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5 June 2024

James Shapiro Q&A: “I’d like to live in 1600s London – just for a week”

The American academic on finding fulfilment in Shakespeare, structuralism and dry-stone walls.

By New Statesman

James Shapiro was born in Brooklyn in 1955. He is an author and professor of English and comparative literature at Columbia University, and his books include 1599: A Year in the Life of William Shakespeare.

What’s your earliest memory?

My dad took my brother and me to see a baseball game at the Polo Grounds in New York. That stadium was demolished 60 years ago. I don’t remember much about the game, but the memory of first seeing a vast and dazzling green outfield has never left me.

Who are your heroes?

For a lot of Jewish kids growing up in Brooklyn in the 1960s, myself included, Anne Frank was our hero. As an adult, it’s the all-but-forgotten Hallie Flanagan, a theatre professor chosen to run America’s short-lived Federal Theatre in the late 1930s. She brought plays to millions of Americans (two thirds of whom had never seen one before) in 1,000 productions over a four-year period, before reactionary forces in Congress shut down her programme.

What book last changed your thinking?

Really changed it? Thomas S Kuhn’s The Structure of Scientific Revolutions, when I was 19. His account of paradigm shifts and how fields of inquiry change remains profound and persuasive.

What TV show could you not live without?

The Sopranos. With its dynastic infighting, codes of honour, sexism and vengeance it’s the closest thing to Shakespeare’s history plays in modern American culture.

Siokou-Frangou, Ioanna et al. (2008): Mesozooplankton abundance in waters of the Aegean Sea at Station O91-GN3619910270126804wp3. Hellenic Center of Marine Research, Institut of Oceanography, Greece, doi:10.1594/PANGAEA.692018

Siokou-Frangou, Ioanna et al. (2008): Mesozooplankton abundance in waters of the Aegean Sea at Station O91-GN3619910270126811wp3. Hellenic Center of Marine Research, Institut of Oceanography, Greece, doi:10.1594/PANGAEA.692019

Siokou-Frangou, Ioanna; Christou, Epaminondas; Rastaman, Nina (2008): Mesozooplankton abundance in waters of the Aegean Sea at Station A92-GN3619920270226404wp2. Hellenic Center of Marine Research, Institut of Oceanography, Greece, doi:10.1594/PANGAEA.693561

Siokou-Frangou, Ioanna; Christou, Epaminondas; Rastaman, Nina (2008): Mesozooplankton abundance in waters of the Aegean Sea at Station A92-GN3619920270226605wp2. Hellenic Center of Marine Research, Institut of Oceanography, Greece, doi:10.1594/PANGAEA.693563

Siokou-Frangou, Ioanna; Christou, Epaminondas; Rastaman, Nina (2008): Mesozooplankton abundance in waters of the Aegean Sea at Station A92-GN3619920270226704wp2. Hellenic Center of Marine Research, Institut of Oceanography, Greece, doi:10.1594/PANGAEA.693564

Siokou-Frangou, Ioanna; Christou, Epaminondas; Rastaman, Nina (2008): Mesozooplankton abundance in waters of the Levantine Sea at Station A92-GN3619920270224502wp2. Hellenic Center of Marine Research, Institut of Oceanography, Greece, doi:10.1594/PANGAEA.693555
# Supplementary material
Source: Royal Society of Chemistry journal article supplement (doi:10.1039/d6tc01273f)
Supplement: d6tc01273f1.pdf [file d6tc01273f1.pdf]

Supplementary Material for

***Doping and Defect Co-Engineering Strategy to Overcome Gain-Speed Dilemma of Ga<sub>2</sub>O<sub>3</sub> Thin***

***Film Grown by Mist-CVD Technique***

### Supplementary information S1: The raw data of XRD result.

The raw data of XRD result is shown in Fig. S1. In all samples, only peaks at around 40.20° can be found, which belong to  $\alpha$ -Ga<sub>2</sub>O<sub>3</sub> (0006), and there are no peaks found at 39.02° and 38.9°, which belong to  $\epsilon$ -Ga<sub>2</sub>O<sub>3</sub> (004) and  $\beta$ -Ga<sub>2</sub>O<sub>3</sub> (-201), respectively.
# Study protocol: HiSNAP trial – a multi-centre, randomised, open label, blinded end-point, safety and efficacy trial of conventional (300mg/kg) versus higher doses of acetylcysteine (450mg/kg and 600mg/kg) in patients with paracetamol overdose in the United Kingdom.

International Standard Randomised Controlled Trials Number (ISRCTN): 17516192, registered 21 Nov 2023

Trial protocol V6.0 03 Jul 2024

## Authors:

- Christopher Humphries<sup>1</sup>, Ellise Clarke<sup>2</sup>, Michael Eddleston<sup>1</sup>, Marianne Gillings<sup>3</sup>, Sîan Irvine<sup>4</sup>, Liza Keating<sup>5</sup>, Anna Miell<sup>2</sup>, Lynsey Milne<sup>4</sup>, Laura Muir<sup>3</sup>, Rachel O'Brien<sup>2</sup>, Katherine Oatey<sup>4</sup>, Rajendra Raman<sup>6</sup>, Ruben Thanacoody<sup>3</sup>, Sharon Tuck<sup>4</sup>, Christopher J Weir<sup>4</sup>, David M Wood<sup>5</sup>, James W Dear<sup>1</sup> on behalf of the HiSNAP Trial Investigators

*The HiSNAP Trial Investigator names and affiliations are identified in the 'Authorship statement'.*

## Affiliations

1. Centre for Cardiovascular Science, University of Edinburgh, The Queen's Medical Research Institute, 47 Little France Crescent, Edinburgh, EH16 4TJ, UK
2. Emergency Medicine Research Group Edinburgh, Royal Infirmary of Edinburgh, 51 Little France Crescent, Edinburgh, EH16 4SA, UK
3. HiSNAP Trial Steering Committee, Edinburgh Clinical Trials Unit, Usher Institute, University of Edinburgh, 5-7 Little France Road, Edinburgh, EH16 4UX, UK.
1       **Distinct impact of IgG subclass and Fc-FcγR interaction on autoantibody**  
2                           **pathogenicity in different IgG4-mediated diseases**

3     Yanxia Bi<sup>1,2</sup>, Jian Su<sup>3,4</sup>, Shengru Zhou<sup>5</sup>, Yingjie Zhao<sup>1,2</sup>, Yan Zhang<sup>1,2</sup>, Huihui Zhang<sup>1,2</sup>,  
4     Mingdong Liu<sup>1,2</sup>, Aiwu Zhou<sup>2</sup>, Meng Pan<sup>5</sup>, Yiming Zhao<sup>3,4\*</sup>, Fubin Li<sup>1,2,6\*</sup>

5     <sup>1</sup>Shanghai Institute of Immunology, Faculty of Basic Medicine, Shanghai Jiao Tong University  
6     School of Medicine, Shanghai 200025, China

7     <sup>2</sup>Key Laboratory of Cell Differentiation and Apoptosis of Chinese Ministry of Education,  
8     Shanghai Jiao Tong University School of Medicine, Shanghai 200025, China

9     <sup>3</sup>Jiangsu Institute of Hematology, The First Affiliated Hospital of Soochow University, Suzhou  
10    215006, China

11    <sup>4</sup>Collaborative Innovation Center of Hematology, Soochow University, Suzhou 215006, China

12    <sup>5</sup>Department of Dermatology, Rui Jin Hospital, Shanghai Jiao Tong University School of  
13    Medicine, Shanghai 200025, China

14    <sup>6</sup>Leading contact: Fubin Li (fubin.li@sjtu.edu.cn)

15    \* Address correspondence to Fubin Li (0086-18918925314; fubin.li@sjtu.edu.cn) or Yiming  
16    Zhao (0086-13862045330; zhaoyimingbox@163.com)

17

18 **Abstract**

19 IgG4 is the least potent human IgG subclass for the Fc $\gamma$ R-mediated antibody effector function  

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What would be your Mastermind specialist subject?

Americans don’t follow Mastermind; watching Jeopardy! is our national pastime. What I know best, having taught and written about them for decades, are Shakespeare’s plays, especially the tragedies.

In which time and place, other than your own, would you like to live?

London in 1600, to watch Richard Burbage play Hamlet at the Globe Theatre. But given what I know about plague in Elizabethan England, I wouldn’t want to linger there for long. A week would do nicely.

What political figure do you look up to?

Abraham Lincoln – the greatest leader in American history. And the most devoted reader of Shakespeare, maybe ever.

Who would paint your portrait?

Rembrandt, even though he would make me look older than I already am – much as the late and much missed Antony Sher did when he sketched my portrait for his book Year of the Mad King.

What’s the best piece of advice you’ve ever received?

“Don’t complain. Don’t explain.” I’ve done my best to follow it, painful as it’s been.

What’s currently bugging you?

Conspiracy theories. They plague and degrade the political world (and, with the baseless conspiracy theories about his authorship, Shakespeare’s world too).

When were you happiest?

I’m a cheerful guy and have been since my teenage years, so it’s a steady state for me. Having a wonderful spouse, a son I’m extraordinarily proud of, and the most loyal of brothers helps.

In another life, what job might you have chosen?

Building dry-stone walls. Few things in life are as immersive, beautiful and as satisfying to work at (until the back goes).

Are we all doomed?

If Donald Trump is re-elected, we are for sure.

James Shapiro’s “The Playbook: A Story of Theatre, Democracy and the Making of a Culture War” is published by Faber & Faber

[See also: Craig Foster Q&A: “My theme tune? The sound of a whale’s ear bone”]

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This article appears in the 05 Jun 2024 issue of the New Statesman, The Left Power List 2024